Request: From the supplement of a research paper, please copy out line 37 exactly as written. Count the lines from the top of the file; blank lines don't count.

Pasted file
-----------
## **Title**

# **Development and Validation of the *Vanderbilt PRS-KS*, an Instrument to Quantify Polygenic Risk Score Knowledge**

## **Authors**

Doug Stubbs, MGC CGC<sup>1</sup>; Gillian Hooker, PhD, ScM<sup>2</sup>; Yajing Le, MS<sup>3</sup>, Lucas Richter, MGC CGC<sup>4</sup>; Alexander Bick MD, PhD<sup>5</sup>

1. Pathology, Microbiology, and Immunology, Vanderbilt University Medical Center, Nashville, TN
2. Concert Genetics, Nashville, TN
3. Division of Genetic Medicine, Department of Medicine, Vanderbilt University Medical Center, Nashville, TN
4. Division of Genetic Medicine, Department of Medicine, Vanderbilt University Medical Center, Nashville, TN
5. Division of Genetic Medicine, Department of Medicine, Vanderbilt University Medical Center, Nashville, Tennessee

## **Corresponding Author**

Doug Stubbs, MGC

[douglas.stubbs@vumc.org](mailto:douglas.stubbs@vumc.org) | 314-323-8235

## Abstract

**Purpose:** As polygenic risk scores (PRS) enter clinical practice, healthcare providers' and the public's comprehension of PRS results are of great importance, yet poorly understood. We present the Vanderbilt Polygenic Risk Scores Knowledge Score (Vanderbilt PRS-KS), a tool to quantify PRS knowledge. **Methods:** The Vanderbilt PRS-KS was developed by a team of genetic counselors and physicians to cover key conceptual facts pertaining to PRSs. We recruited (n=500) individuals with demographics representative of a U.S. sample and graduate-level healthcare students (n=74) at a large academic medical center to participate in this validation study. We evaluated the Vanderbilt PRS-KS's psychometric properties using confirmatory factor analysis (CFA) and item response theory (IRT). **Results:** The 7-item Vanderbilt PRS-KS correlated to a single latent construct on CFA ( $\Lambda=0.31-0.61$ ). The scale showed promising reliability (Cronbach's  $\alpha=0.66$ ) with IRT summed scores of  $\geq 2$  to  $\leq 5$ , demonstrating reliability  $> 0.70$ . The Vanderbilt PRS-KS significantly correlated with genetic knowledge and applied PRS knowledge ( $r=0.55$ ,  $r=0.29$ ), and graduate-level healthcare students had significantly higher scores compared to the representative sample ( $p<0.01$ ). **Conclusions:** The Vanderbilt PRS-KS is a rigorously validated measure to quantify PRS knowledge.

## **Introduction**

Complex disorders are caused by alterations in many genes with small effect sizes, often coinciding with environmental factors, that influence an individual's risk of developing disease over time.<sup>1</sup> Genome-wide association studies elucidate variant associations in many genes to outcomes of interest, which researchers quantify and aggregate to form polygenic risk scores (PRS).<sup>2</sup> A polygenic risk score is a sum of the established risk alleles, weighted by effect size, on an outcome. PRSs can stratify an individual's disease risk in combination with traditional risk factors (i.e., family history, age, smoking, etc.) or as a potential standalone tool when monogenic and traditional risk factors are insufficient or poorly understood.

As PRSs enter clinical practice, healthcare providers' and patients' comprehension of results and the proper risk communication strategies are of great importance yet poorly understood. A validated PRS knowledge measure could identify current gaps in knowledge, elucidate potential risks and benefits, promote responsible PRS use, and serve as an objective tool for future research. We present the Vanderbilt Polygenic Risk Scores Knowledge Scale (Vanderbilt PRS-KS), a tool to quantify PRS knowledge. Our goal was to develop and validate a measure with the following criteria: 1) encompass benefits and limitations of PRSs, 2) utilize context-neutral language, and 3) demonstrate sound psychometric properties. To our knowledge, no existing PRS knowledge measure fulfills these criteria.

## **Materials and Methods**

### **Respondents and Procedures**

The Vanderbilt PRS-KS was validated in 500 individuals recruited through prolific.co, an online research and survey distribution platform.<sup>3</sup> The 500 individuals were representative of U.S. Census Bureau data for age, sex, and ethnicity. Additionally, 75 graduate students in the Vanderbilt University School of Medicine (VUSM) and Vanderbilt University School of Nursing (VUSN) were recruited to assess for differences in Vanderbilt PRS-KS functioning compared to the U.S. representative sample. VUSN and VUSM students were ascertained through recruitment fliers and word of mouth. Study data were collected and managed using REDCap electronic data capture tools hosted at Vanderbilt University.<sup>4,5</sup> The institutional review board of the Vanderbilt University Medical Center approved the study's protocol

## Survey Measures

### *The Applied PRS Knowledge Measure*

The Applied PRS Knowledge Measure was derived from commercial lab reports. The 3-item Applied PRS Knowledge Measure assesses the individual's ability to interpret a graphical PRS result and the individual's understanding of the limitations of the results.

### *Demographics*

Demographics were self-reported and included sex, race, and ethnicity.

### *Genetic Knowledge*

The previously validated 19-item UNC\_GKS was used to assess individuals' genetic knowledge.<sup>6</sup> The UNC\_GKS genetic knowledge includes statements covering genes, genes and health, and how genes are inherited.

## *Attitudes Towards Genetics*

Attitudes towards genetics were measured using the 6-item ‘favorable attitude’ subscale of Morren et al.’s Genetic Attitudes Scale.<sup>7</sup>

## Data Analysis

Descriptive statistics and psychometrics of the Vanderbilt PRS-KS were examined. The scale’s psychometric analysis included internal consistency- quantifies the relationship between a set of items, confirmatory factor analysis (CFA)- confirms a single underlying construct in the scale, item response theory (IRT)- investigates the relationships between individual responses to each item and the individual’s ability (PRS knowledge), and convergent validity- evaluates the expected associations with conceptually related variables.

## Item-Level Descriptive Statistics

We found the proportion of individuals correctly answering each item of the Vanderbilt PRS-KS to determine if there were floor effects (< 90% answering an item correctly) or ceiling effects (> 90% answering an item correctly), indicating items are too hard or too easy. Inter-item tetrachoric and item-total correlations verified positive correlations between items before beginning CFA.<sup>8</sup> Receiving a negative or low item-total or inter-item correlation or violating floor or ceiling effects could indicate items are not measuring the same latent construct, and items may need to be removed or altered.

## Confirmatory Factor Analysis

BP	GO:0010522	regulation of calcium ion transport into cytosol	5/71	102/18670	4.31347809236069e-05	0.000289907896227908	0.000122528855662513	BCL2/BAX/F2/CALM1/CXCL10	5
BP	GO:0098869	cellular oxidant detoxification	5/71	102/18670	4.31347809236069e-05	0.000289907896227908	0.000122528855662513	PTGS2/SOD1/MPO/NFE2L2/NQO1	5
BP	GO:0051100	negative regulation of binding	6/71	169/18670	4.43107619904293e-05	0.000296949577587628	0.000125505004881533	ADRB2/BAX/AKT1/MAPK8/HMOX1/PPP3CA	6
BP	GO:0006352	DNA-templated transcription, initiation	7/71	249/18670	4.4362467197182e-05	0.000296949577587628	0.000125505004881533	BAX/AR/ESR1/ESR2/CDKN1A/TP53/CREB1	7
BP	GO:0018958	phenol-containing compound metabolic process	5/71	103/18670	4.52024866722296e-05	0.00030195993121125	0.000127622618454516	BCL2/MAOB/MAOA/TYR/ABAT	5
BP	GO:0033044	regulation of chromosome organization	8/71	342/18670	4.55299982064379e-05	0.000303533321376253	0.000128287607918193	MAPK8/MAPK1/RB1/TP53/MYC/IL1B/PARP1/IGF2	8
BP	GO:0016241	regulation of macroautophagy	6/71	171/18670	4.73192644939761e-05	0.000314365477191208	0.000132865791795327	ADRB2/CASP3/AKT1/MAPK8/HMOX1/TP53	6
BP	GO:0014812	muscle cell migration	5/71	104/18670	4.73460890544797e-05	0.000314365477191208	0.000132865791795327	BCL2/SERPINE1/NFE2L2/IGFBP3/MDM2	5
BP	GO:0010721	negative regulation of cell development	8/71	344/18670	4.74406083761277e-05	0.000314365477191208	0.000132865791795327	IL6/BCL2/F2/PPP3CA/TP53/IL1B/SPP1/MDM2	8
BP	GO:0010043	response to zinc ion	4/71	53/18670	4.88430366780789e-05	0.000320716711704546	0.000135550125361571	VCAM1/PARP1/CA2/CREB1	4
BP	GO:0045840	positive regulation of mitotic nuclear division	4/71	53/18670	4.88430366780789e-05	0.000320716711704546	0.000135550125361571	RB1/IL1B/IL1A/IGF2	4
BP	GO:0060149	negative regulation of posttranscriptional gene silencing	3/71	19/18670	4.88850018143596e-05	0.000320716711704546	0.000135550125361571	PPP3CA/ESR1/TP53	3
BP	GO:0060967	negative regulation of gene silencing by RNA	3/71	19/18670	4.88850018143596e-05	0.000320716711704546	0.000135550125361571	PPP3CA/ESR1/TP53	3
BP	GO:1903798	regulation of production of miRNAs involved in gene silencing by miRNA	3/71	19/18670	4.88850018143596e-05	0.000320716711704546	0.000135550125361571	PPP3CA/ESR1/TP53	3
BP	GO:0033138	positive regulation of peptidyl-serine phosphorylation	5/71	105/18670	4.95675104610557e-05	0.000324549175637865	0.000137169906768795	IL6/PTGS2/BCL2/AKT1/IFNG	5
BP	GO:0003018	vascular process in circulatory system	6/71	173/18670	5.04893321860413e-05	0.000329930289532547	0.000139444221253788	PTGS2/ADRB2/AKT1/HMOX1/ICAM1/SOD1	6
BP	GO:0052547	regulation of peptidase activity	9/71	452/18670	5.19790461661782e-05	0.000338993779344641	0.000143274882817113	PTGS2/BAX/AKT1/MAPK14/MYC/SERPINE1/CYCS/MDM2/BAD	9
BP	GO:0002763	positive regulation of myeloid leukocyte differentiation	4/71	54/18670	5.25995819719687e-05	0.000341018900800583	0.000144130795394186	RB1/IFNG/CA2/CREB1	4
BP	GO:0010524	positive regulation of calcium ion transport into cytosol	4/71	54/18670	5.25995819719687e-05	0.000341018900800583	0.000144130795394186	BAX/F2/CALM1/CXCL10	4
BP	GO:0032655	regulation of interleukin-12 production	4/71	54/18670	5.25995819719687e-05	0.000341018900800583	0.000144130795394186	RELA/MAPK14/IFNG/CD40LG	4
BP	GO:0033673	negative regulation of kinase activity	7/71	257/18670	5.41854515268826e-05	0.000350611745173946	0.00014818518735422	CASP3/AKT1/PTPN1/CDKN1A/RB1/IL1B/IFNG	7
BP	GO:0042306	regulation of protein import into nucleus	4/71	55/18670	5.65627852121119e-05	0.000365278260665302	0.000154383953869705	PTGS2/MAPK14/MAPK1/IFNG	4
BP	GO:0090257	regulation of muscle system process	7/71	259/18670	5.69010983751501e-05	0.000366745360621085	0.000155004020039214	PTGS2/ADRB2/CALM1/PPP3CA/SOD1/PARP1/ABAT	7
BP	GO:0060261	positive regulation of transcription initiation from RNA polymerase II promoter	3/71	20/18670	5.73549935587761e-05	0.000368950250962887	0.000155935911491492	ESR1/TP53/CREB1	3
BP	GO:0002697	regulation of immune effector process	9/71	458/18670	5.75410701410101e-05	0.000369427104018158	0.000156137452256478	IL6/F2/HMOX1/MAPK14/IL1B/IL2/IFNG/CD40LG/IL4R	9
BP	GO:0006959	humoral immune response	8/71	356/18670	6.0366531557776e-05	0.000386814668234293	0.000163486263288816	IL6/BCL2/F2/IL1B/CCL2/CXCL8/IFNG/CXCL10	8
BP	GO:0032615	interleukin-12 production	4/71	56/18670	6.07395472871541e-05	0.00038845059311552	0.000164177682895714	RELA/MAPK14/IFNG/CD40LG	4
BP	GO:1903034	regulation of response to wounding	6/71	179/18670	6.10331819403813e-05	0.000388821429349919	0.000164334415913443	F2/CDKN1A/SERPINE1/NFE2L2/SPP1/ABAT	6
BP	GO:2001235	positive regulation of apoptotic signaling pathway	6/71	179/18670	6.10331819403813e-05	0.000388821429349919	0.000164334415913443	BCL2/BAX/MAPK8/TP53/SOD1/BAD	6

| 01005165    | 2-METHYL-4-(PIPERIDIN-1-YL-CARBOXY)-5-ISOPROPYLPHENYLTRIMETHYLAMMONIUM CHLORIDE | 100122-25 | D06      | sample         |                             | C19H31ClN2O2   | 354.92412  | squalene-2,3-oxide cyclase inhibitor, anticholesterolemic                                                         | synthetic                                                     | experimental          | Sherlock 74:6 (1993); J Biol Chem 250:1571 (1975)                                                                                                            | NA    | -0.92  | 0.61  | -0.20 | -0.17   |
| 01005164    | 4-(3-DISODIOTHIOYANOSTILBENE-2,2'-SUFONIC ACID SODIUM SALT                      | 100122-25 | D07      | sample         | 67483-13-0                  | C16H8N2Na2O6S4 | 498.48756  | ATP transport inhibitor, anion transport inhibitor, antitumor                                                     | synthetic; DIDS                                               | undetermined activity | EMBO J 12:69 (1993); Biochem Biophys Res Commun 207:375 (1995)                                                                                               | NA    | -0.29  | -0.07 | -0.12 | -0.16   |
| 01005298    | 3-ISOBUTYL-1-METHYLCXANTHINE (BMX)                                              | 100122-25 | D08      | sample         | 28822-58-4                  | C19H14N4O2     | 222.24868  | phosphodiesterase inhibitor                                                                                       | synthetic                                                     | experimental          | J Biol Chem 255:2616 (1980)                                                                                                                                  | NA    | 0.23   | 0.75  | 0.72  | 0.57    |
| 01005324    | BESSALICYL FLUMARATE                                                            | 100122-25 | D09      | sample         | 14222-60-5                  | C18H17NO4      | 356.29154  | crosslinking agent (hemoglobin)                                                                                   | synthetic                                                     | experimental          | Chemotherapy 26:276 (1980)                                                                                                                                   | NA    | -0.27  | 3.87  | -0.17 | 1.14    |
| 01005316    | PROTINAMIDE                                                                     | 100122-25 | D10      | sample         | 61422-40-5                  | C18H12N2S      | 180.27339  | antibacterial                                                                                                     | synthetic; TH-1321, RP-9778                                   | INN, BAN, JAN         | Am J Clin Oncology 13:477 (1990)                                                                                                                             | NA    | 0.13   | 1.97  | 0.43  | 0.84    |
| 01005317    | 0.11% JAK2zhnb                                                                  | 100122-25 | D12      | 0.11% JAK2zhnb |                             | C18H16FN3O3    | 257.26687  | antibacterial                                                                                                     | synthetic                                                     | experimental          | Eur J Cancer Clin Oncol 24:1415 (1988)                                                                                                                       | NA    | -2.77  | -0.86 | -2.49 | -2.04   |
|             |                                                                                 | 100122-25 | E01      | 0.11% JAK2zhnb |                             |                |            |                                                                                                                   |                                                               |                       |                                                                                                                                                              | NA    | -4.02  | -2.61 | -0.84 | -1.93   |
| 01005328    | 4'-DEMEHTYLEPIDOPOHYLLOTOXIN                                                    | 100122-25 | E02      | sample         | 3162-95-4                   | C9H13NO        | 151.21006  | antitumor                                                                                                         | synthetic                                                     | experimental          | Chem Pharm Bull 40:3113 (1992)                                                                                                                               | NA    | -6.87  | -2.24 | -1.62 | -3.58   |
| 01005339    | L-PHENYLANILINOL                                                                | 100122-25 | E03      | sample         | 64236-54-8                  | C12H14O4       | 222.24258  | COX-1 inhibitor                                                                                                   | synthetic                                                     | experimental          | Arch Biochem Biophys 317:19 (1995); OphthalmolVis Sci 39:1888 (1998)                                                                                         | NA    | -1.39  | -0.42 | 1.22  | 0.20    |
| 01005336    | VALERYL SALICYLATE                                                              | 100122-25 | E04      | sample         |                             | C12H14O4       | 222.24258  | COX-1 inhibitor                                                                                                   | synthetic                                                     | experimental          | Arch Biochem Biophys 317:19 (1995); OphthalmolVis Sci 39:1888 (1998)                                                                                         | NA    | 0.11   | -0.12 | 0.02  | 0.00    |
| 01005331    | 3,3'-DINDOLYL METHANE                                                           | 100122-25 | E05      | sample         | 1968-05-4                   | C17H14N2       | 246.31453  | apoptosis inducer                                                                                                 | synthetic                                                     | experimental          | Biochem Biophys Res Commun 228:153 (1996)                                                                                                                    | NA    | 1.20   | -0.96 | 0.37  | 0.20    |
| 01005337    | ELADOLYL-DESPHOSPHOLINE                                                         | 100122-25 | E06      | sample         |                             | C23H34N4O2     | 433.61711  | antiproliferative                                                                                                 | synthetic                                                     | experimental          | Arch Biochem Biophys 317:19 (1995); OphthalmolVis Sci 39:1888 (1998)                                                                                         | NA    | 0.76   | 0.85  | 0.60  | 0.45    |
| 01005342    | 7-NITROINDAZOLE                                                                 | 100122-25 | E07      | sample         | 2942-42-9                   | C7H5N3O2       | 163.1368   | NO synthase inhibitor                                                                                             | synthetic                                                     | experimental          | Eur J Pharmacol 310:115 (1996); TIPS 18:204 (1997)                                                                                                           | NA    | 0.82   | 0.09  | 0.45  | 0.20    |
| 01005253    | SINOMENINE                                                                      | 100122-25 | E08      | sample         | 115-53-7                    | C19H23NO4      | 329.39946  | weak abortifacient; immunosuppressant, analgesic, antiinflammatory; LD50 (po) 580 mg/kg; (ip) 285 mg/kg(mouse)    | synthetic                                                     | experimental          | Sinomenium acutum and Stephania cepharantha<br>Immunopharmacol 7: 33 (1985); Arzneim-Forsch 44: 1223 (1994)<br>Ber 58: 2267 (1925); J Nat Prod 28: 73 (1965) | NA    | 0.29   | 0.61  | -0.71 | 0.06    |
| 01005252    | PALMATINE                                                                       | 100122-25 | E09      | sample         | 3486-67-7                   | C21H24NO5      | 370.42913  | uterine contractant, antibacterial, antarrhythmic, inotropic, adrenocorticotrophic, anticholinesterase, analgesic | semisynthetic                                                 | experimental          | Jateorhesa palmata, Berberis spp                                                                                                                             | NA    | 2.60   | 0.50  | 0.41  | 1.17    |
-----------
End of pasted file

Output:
BP	GO:0051100	negative regulation of binding	6/71	169/18670	4.43107619904293e-05	0.000296949577587628	0.000125505004881533	ADRB2/BAX/AKT1/MAPK8/HMOX1/PPP3CA	6